Despite having only the most rudimentary passenger train service, much of it late at night, Pittsburghers are getting into training.
Funny thing about train service in Pittsburgh is that, as infrequent as it is, ridership keeps going up. People keep voting with their feet to get off their feet and take the choo-choo. Arrivals and departures from the Pittsburgh station have gone from 125,200 in fiscal 2012 to about 149,600 in fiscal 2015. It was the third straight year ridership rose.

About two-thirds of Pittsburgh’s Amtrak riders take the Pennsylvanian, with the top destinations New York and Philadelphia. The other third of the ridership is on the Capitol Limited, which arrives here in the daily darkness on its way from Washington to Chicago and vice versa. Despite leaving at midnight, the Chicago train is our station’s most popular.

Of the 535 Amtrak stations, Pittsburgh is 68th busiest, which is more a measure of how poor train service is in most of the country than how good it is here. East from Harrisburg, there are dedicated Amtrak lines so busy that more than 500,000 arrive or depart annually in little Lancaster and more than 4 million in Philadelphia.
Pittsburgh to Harrisburg will always be a slog, absent German-style tunnelling and bridging in the Alleghenies, but The Pennsylvania Railroad used to offer multiple day-train frequencies as well as Pittsburgh and New York sleeping cars and overnight New York for and from St. Louis and Chicago sleeping cars.  Amtrak took all of those off.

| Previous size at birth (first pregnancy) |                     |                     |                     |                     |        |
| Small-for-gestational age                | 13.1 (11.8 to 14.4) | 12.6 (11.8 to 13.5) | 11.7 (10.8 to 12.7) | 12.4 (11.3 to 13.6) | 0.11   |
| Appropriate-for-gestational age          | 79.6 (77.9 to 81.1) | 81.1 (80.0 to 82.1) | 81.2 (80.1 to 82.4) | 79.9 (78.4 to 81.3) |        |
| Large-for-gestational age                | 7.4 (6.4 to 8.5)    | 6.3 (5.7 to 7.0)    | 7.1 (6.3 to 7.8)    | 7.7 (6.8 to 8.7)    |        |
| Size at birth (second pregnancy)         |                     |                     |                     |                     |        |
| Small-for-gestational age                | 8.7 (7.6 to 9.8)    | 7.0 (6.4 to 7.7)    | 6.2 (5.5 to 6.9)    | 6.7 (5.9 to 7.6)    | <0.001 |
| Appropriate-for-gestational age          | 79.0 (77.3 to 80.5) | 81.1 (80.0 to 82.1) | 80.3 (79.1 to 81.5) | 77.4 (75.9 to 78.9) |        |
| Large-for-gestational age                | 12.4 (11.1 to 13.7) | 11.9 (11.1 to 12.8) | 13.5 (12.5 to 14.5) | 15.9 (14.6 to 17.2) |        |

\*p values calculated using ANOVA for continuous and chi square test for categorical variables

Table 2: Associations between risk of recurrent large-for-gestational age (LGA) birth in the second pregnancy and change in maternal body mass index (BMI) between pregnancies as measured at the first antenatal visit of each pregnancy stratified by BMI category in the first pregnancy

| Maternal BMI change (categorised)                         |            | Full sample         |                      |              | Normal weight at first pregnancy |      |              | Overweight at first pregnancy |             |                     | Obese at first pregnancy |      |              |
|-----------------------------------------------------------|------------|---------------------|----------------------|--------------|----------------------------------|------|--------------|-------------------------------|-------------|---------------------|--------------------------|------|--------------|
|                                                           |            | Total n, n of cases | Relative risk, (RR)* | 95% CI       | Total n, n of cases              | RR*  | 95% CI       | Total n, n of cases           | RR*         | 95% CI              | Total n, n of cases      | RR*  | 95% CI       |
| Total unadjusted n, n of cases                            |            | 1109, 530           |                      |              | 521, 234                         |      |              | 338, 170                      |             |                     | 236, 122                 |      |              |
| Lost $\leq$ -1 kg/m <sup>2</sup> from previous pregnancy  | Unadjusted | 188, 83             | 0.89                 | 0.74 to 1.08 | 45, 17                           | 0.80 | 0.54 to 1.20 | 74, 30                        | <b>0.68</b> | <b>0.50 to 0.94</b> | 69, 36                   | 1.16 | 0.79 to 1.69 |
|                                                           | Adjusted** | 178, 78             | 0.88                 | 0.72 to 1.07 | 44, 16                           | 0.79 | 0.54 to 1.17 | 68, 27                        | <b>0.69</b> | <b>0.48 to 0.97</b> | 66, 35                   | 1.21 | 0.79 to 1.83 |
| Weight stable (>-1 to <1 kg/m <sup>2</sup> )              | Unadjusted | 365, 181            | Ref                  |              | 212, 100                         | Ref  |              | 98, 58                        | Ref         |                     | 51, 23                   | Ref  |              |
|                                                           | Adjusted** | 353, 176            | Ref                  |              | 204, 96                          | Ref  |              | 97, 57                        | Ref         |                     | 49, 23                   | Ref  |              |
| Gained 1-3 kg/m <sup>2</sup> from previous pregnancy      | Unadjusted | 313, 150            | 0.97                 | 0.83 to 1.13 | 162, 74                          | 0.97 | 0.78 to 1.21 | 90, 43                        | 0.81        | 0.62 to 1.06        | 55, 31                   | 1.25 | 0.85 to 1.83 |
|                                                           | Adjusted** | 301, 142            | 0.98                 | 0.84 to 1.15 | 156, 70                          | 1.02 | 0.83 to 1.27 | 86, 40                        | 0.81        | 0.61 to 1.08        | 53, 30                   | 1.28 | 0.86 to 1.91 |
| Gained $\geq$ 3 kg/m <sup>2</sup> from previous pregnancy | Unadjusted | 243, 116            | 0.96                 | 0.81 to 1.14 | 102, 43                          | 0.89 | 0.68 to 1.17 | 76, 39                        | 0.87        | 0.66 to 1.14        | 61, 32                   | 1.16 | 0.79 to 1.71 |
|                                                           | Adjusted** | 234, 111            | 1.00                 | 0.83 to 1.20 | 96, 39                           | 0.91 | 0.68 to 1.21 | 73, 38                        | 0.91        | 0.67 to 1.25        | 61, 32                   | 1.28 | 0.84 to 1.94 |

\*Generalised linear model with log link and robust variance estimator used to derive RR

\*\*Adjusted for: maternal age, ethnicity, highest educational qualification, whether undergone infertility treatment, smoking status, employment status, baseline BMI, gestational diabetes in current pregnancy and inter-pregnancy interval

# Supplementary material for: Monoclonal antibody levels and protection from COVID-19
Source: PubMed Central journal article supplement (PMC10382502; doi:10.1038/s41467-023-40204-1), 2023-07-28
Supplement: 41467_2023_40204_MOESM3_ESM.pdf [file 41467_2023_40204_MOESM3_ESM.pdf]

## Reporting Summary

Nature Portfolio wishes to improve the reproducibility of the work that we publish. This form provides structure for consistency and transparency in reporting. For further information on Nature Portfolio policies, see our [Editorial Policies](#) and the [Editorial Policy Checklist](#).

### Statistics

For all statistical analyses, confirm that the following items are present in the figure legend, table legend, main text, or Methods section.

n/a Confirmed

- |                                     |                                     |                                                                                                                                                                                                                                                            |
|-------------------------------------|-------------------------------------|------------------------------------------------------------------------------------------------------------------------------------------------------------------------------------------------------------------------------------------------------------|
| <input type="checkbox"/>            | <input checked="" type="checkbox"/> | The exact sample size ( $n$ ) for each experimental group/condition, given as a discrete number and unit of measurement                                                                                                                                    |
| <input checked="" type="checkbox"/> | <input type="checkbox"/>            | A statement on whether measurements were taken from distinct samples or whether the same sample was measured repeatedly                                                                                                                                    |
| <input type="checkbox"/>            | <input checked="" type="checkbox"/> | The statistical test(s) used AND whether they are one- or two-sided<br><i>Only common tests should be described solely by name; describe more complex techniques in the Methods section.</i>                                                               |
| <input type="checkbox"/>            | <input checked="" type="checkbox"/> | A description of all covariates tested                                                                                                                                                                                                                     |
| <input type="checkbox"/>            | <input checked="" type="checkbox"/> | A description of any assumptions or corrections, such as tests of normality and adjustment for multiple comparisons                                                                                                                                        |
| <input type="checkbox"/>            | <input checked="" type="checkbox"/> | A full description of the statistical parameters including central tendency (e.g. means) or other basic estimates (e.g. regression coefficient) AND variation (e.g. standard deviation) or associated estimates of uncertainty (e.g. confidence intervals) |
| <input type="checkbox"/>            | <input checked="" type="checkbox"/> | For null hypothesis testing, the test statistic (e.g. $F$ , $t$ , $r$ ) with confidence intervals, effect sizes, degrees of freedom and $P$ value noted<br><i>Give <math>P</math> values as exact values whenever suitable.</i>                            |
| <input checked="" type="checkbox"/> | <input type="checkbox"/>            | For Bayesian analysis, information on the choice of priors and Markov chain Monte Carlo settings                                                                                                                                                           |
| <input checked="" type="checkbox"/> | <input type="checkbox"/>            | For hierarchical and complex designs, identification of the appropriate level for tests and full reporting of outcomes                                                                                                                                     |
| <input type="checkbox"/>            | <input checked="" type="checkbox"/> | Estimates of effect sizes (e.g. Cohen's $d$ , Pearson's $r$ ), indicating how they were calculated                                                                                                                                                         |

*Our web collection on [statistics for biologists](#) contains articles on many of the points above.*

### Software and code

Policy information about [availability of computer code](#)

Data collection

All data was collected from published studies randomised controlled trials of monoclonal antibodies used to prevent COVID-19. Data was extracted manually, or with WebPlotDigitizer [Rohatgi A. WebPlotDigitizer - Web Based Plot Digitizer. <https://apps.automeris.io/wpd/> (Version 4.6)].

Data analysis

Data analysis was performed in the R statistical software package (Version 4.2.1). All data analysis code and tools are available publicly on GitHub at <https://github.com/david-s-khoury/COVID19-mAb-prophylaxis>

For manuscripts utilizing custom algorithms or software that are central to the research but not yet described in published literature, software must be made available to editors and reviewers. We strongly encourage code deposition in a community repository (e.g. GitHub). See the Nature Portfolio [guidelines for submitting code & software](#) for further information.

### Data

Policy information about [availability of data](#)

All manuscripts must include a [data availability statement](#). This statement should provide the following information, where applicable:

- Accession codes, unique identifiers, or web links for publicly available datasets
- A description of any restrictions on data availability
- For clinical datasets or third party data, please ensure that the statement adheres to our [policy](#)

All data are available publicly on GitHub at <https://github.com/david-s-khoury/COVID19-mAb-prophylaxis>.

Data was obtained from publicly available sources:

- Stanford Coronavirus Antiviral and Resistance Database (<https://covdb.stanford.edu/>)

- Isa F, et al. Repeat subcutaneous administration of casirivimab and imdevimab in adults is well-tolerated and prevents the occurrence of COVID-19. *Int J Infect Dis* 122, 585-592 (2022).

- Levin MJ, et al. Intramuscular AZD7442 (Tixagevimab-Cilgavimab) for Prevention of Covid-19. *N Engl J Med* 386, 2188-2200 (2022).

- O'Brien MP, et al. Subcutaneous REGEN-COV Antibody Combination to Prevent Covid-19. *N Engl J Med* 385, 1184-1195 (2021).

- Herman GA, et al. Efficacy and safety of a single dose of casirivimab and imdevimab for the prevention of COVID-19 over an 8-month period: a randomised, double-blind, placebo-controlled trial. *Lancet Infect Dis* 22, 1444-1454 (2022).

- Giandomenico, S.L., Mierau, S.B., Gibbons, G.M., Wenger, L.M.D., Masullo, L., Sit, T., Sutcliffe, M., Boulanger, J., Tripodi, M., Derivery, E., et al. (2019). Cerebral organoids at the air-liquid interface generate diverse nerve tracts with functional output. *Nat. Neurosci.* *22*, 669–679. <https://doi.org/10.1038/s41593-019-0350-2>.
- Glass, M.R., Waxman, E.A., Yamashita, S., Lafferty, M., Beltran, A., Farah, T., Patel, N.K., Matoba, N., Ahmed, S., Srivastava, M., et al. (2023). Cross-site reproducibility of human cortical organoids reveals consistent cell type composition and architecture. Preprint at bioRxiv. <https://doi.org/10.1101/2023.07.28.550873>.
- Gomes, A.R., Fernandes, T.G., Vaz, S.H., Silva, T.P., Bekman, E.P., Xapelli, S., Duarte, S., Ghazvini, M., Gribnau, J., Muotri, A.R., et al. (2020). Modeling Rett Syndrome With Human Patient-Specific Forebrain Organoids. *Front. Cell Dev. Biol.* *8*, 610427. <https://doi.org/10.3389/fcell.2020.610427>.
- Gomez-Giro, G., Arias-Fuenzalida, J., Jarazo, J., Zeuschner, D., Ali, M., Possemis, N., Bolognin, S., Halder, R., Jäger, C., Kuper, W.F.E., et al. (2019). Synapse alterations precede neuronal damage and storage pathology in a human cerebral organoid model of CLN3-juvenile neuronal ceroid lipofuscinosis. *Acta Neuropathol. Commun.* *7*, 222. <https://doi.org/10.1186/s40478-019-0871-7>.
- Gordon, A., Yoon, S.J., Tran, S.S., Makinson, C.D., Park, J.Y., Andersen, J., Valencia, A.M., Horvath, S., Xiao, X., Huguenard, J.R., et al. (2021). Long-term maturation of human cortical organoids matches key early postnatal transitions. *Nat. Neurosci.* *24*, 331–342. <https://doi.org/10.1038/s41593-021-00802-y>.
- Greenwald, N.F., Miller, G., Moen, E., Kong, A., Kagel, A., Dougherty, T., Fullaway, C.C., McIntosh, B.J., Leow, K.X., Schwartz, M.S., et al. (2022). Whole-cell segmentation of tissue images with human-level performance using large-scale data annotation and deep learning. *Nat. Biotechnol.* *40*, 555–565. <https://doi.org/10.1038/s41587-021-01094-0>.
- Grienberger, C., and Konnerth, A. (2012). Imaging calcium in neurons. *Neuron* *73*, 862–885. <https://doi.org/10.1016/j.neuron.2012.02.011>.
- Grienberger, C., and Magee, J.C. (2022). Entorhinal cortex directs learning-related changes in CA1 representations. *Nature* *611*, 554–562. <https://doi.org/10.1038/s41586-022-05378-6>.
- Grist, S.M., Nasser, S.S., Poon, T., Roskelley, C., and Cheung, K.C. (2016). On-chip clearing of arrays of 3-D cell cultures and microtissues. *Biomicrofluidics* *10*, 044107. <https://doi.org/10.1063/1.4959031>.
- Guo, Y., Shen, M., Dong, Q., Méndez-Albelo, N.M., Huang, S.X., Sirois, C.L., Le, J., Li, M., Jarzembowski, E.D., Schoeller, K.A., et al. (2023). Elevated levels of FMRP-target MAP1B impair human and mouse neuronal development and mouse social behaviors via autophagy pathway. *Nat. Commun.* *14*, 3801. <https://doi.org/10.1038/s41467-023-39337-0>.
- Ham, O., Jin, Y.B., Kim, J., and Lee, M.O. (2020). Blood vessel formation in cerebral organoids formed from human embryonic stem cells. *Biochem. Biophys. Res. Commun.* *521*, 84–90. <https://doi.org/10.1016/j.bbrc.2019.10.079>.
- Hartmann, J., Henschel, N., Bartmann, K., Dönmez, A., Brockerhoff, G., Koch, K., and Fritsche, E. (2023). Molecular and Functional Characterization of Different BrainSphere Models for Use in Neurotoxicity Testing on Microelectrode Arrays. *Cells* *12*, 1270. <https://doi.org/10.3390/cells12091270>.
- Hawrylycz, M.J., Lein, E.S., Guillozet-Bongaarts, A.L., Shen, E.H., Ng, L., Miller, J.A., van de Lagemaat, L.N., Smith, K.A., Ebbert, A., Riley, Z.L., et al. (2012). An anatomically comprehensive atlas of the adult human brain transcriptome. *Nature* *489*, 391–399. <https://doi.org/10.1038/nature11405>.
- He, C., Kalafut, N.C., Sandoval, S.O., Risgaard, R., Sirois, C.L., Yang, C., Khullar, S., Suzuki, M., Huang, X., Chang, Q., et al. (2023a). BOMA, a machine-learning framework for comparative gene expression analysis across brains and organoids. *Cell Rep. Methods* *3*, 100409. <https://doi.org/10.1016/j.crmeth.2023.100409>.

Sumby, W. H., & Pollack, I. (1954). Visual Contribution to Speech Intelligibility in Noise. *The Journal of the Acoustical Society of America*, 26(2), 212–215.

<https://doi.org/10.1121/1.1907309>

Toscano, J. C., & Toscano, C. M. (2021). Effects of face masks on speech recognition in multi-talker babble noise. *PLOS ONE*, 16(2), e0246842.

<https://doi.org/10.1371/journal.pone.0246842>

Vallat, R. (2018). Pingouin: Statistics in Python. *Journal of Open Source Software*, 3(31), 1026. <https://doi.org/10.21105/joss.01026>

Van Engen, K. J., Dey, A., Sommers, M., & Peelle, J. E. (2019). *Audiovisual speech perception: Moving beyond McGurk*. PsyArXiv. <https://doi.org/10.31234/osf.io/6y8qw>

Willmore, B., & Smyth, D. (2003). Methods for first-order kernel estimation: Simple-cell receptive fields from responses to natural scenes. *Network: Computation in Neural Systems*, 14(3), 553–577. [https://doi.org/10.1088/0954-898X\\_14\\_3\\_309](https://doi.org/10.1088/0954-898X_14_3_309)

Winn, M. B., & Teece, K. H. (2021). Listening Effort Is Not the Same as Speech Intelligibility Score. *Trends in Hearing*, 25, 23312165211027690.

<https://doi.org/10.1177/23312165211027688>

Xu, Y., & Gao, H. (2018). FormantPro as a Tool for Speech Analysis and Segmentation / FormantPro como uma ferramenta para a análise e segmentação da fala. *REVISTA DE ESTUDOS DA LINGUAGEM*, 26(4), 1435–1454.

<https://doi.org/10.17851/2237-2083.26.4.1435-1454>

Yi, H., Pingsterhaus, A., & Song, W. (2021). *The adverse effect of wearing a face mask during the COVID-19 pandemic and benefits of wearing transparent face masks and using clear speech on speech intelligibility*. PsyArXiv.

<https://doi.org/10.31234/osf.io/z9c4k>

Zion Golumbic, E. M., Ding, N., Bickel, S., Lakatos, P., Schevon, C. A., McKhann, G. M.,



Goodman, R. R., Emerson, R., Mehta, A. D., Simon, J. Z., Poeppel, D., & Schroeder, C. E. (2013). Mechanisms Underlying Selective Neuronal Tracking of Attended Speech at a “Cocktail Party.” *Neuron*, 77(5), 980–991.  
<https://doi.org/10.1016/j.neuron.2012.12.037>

Washington, D.C. to Pittsburgh and Pittsburgh to Cleveland have potential as regional corridors, although heavy freight traffic on those lines means Passenger Rail authorities might have to strike a deal with the freight railroads to provide additional trackage, something that's already going on.  And there is historical precedent, in the form of multiple daily frequencies on the old Baltimore and Ohio and Pittsburgh and Lake Erie.  Frequency and connectivity bring riders.

(Via Destination: Freedom.)

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